When people at work hear that I’ve written a book, or that I’ve got one in the works, they always ask something like, “When are you going to be rich and famous?” Now, I’ll admit, that when I was younger I just assumed that someday I would write books and be a famous author. Of course, I didn’t actually write anything, I just figured I’d start writing when I grew up.
I guess it took me longer than usual to grow up because I didn’t start writing until my late 30s and it wasn’t until a few years ago that I wrote my first novel. Once I started writing, I also started to hear from the doom and gloom crew. Like most beginning writers, I had no idea how tough it is to get published. It didn’t take me long to start hearing horror stories about that. What took me even longer to realize is how rare it is to sell well even if you do manage to get published. For a long time I just assumed that if your book was published, you were successful. Over the last ten years I have begun to realize that my odds of getting published are about as good as my odds of marrying prince charming and, if I want to be rich and/or famous, I’d be better off buying a lottery ticket.
There was a time when, if you wanted to be a writer, you had to actually write, longhand. Then, about the time Mark Twain was writing about runaway slaves on the Mississippi, you could pound out your prose on a typewriter, if you could afford one.
Computers, as they tend to do, changed everything about the writing biz.
I was a senior in high school when we got our first computer, it had a word processing program on it. However, I lost interest in it pretty quickly because we had no printer. This was in 1979, and even though email had been introduced 8 years before, it would be a couple of decades before I had access to it. What was the point of writing something you couldn’t share, and you didn’t have room on the 48kb memory to store it anyway?
Jump ahead thirty years and at least 75% of Americans have access to the internet, and word processing is so much a part of our routine that it’s hard to remember a time when it was a novelty. What does this mean to publishing your novel?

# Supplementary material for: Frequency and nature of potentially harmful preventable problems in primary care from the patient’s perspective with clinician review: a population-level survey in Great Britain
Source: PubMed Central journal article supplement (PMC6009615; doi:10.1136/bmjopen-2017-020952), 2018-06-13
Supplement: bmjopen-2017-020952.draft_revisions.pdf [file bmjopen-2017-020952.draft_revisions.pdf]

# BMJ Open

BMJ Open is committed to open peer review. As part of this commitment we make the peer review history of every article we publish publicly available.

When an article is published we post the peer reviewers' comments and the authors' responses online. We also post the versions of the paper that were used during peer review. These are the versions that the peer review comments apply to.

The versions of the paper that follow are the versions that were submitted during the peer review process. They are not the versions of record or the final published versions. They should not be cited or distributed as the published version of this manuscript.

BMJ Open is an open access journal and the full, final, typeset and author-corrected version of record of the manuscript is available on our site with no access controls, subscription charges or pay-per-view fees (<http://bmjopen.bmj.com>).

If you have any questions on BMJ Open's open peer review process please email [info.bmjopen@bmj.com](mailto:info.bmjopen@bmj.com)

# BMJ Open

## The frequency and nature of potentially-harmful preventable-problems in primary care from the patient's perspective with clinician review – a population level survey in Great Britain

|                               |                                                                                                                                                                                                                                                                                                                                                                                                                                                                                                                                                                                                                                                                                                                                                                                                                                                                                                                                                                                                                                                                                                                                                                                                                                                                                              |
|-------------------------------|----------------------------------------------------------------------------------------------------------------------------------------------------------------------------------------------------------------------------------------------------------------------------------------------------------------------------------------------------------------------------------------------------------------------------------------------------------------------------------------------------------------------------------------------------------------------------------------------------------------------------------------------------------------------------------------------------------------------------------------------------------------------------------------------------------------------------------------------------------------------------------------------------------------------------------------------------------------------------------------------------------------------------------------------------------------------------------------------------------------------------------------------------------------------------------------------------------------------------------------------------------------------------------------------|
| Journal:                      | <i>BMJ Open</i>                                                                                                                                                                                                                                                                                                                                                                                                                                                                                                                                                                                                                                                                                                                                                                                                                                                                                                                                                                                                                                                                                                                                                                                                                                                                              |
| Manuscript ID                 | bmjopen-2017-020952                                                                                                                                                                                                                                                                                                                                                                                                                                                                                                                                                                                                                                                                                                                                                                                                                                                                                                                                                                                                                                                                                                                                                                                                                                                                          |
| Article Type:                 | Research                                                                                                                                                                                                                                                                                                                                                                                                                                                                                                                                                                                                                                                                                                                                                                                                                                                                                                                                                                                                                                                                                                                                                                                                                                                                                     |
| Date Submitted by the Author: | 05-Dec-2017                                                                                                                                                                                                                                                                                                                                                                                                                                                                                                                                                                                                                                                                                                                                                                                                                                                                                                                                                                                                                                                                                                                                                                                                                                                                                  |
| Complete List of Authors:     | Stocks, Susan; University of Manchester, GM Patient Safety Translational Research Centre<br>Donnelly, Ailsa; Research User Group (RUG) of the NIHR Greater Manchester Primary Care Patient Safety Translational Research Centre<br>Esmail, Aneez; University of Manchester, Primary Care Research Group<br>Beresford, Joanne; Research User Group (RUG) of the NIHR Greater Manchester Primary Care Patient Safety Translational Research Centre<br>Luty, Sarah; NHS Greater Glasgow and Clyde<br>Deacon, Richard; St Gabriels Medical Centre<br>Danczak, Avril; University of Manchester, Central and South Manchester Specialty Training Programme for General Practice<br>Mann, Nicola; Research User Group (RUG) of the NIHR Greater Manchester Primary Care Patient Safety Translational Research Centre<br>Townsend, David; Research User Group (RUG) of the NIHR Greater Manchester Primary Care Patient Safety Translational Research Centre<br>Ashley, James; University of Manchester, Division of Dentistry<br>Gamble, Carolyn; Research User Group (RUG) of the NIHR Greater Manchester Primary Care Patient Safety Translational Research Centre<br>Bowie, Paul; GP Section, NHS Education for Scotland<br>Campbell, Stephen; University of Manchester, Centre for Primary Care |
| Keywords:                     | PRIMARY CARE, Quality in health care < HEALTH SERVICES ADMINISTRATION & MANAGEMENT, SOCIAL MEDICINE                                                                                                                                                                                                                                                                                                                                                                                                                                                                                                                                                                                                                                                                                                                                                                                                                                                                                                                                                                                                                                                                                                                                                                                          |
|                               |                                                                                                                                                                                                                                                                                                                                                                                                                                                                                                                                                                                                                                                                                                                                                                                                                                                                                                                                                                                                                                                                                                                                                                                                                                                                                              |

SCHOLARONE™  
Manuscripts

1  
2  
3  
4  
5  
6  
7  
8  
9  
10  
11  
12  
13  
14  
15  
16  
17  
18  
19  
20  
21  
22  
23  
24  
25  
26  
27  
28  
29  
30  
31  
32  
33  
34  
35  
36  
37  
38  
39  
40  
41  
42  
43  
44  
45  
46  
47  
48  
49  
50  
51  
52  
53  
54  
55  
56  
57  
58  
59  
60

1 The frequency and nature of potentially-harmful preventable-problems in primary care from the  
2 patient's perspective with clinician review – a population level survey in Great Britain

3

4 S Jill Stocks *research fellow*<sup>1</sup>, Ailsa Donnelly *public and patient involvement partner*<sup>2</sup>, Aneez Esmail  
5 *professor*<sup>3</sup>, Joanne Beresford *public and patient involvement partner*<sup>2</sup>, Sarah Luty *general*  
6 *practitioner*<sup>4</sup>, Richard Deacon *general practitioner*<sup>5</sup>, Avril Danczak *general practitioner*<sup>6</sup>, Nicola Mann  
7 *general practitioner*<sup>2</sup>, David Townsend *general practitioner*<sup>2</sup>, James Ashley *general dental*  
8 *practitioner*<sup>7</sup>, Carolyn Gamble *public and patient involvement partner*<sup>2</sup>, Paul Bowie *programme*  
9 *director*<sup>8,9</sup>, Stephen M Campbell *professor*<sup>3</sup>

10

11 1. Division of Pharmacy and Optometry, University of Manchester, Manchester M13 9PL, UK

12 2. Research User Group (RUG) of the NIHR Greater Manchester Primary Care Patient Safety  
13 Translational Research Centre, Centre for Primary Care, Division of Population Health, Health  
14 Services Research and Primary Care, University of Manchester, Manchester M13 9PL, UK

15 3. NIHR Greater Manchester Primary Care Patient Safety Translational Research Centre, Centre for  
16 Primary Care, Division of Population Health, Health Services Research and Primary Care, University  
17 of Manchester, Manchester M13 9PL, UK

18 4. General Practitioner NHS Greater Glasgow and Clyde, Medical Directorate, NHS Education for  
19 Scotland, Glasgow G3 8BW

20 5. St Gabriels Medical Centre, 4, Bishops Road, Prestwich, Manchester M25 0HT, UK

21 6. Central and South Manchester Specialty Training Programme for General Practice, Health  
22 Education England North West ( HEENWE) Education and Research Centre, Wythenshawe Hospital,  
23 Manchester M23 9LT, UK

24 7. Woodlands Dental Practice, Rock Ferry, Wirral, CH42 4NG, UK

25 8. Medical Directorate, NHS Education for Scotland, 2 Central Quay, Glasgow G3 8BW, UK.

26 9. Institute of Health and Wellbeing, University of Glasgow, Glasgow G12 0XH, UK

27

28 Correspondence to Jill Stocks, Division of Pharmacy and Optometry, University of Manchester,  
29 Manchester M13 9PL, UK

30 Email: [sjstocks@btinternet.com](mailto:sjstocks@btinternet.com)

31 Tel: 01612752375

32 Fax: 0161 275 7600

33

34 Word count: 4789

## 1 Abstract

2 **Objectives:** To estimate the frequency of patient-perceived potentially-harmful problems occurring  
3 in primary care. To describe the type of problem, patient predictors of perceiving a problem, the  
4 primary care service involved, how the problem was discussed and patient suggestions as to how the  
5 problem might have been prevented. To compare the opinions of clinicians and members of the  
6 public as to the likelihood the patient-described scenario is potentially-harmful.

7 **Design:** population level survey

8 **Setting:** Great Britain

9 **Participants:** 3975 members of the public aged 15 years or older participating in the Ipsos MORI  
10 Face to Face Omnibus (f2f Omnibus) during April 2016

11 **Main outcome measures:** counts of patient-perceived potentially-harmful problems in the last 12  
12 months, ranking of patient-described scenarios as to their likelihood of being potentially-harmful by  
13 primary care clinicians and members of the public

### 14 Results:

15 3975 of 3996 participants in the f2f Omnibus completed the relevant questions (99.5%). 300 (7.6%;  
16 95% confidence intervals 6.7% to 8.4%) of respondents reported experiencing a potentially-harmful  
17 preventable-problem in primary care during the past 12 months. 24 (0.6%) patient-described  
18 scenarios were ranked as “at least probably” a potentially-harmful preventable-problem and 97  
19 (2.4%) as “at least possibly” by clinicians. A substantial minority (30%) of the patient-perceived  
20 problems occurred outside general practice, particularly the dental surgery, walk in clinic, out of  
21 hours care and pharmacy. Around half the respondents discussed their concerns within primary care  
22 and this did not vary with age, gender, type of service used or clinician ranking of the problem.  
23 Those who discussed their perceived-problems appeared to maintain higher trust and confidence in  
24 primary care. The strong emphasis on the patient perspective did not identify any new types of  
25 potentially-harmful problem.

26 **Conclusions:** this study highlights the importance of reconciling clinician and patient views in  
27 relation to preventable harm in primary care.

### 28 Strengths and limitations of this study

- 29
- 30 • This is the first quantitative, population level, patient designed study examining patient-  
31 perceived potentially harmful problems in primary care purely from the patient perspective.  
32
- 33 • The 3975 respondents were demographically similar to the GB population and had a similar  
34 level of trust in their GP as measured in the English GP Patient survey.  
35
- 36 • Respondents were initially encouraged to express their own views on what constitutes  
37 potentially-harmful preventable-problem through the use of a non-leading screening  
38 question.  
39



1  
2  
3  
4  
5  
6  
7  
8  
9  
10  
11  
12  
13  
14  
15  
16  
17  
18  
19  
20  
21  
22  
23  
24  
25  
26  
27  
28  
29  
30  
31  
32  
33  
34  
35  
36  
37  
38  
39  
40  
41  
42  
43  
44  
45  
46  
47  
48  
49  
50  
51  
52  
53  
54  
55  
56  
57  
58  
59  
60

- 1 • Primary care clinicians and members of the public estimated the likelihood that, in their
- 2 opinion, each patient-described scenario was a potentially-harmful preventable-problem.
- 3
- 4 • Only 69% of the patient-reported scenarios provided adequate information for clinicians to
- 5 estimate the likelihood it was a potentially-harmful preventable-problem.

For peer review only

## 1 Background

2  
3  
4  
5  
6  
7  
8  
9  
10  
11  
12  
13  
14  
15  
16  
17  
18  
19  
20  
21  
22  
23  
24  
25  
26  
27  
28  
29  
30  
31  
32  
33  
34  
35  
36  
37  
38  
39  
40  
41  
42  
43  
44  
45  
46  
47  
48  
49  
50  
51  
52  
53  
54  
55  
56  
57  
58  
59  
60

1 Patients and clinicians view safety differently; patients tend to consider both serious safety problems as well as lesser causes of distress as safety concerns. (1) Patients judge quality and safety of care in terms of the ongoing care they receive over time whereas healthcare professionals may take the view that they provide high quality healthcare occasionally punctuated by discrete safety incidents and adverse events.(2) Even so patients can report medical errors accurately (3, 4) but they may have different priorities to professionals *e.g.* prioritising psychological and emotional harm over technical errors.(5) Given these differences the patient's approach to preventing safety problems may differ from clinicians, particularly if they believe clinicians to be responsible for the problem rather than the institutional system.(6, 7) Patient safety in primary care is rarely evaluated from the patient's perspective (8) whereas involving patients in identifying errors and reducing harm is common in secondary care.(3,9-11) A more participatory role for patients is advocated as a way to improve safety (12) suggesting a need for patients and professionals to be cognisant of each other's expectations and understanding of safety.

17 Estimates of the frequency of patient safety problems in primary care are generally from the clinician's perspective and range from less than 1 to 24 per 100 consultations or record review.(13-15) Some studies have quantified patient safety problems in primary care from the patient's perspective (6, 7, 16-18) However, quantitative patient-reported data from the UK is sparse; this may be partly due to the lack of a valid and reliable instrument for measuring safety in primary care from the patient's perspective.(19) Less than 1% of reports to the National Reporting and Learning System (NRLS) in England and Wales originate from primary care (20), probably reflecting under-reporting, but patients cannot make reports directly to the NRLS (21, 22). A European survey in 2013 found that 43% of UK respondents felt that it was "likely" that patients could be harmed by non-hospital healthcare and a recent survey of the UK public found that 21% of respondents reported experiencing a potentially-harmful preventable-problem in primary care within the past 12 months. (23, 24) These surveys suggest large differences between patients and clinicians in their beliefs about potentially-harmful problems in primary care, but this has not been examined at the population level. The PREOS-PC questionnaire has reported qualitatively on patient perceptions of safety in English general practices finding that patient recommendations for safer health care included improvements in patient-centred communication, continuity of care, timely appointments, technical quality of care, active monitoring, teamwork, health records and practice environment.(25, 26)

Remember the old saw about monkeys typing and Shakespeare? That’s what is going on in basements and back rooms all over the world right now. Any idiot with a computer can imagine herself a writer, and programs like NaNoWriMo feed the flames. Now, I’m not knocking NaNo, I love it, and I’m participating for the third time this year.
The problem is that more people are writing than ever before in the history of the world. It’s remotely possible that there are more aspiring writers in the world at this moment than in the entire combined history of the world combined. (If you do the math and I’m wrong about this, I’m not surprised.) At the same time, people are reading less, buying fewer books and the pressures on publishers are increasing every year.
What happens when you have more supply and less demand? I don’t remember a lot of my economics classes, but I think it goes something like… the supplier gets screwed. In this case, it’s the writer. Sure, the J.K. Rowlings, John Grishams and Stephen Kings of the world can still sell books, and every year some lucky schlub breaks out with a debut novel. But that’s not the norm, and it’s not likely to happen to me.
I’m not a bad writer, but there it is. Even if I were a better fantasy novelist than Anne McCaffrey, David Eddings and Mercedes Lackey combined, my chances of success are slim to none.
So, what do you do? Do you put your head down, ignore the realities and dream of success? Do you give up on writing completely? Do you go the self-publishing route and pump yet another unedited mess into an already over-saturated market? Sure, any of the above and more. You might beat the odds.
Or, your books… my books… could sit on a hard drive, unread by anyone but my most patient friends and family. Will the world be richer because you’ve written your novel even if no one reads it? I think so. If you paint a painting and only the visitors to your home enjoy it, is that a failure? If you fill a scrapbook with beautiful pages using the best techniques of the art and no one looks at it but you and your loved ones, would you consider that a failure?
Writing is an art. Yes, it would be fun to share my words with millions of people. But, like every other art, the act of creation is just as important as the audience. If I am the only one to read what I write, it is still worth the effort.
On the other hand… wanna read my book? 🙂